Tony Cummings reflects on CCM's first synth pop band QUICKFLIGHT
1983 was a pivotal year for me in terms of my journey of musical discovery. Having spent years as a soul music journalist, I was now looking and listening beyond that particular musical field. After my conversion in 1980, I had entered Christian media and as assistant editor of Buzz magazine I was given the task of expanding its Christian music coverage. It was an exciting time for what the Americans were calling "contemporary Christian music" and I was on hand to pass comment on seminal albums like Amy Grant's 'Age To Age' and Keith Green's 'Songs For The Shepherd'. But I was becoming increasingly disappointed that despite CCM's claim at being "contemporary" there was nothing in the Christian bookshop record racks which was anything like some of the music in the UK charts. By 1983 synth pop was everywhere on the airwaves and groups like Human League and Soft Cell were hitting big. But clearly not in Nashville. And although the UK Church was producing some synth-driven rock like the wonderful After The Fire it was still a long, long way from the new wave sounds of 'Non-Stop Ecstatic Dancing' or "Mirror" and the other synth/new wave hits. And then, out of the blue Britain's Christian record label Kingsway Music, who had grown out of Musical Gospel Outreach (MGO) to become the first successful purveyors of modern worship thanks to folky-turned-worship-songsmith Graham Kendrick, released the album 'Decent Beat' by Quickflight.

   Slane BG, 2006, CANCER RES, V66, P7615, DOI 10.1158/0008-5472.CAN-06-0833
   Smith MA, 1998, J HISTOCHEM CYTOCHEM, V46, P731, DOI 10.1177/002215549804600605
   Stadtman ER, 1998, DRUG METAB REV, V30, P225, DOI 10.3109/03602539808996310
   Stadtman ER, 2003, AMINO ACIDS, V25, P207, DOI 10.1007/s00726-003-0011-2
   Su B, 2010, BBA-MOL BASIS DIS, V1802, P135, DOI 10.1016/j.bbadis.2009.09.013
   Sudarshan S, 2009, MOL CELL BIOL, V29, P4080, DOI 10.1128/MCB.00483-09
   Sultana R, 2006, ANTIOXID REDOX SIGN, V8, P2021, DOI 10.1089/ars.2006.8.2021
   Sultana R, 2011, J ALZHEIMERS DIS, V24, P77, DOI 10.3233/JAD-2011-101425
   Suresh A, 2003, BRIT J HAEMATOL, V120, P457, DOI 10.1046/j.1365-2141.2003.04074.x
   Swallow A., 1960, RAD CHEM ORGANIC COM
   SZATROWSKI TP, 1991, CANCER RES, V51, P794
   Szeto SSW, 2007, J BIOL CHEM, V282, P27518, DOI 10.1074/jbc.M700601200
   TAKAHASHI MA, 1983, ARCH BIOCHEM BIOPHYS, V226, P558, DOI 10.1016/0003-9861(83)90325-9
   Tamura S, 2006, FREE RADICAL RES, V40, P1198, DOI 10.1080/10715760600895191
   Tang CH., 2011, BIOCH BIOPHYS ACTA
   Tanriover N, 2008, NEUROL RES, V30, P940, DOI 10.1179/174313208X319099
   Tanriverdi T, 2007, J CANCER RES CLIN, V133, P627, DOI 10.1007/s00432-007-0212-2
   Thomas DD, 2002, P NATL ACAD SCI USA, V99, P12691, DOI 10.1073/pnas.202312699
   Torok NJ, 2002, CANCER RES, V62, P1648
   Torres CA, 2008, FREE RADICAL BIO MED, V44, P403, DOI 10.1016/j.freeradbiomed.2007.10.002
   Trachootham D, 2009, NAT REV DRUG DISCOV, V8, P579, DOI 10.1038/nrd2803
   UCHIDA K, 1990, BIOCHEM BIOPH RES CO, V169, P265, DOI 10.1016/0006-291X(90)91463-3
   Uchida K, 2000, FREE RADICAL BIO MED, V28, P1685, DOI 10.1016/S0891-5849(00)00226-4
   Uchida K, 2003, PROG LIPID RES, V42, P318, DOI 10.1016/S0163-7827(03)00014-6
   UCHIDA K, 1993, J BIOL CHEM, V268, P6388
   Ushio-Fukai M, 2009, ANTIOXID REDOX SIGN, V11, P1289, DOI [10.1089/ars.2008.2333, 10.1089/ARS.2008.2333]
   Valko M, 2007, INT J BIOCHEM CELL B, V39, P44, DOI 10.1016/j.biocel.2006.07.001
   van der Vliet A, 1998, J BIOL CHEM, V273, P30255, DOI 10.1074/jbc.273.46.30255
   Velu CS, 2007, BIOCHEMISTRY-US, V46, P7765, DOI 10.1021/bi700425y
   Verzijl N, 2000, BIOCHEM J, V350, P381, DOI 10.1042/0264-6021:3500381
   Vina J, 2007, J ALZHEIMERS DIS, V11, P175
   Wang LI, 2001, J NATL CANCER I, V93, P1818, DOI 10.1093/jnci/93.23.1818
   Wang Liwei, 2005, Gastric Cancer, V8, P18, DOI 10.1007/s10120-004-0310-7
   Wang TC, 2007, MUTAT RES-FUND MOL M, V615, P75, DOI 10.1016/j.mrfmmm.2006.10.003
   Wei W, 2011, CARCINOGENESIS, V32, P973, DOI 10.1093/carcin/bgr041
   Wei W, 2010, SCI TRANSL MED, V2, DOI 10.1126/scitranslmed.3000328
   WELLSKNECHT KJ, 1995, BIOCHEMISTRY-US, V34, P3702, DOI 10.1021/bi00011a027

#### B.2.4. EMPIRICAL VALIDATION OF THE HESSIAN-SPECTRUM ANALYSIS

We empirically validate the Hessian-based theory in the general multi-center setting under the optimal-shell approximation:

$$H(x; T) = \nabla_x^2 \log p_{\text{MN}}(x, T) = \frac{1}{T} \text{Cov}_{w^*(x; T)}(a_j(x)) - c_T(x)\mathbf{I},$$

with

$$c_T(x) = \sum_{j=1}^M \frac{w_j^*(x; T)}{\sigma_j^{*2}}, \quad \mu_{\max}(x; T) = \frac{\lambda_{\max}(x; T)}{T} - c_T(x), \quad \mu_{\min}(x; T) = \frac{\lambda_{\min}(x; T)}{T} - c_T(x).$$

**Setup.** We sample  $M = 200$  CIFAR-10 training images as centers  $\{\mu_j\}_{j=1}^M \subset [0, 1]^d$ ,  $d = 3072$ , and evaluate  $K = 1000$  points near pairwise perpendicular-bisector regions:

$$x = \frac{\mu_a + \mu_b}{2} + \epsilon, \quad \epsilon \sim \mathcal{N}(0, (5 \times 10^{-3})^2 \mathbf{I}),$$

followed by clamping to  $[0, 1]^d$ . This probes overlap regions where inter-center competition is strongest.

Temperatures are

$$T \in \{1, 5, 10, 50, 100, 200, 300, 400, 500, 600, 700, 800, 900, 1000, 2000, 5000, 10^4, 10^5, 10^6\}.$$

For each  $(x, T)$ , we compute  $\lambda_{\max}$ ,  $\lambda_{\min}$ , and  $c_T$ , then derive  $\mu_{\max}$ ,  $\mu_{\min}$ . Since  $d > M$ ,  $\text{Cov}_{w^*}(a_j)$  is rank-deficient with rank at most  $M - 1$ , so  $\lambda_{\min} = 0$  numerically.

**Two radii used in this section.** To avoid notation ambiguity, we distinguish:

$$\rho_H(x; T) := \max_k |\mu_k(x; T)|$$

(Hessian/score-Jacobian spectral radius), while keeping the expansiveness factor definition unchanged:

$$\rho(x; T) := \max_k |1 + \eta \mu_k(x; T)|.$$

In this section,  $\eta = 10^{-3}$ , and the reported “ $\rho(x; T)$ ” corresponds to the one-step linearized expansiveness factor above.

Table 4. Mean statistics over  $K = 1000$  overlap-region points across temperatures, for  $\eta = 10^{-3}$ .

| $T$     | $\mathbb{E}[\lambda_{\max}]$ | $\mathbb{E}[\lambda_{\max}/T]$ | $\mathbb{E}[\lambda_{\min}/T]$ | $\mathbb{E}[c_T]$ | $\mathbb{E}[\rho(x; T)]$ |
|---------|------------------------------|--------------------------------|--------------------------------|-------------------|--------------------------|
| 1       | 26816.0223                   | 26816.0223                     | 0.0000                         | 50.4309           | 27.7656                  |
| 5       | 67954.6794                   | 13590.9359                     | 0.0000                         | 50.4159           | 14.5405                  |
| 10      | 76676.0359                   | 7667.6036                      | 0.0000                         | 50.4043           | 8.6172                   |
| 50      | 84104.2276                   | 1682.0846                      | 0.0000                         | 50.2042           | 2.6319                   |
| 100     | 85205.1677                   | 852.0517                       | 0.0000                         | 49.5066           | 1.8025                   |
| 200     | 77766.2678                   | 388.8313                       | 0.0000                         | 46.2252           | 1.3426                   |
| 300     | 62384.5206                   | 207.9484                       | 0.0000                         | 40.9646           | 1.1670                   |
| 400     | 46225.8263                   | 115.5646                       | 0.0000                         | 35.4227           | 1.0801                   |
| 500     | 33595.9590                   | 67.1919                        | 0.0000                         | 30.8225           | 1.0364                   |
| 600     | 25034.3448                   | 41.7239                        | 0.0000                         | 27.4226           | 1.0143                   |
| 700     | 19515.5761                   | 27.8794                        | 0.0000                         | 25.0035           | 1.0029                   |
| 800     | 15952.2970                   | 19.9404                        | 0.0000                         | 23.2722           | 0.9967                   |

Quickflight were a Canadian band and for me at least their album was a jaw-dropper. 'Decent Beat' neatly caught the sounds and vibe of the UK's synth pop. In the August 1984 Buzz magazine I was given space to run three short articles - on Bruce Cockburn (still going strong today of course), the Clark Sisters (ditto) and Quickflight. The latter, with their hook-laden songs, could have made it big, in Britain at least, if Kingsway had had the vision to release a single from 'Decent Beat' and get it to the Beeb. But that was pure fantasy on my part and the closing sentence of my article seems in retrospect naïvely optimistic. "But with a British record debut as excellent as this one, and a potentially explosive Greenbelt stage appearance to come, Quickflight seem well on their way."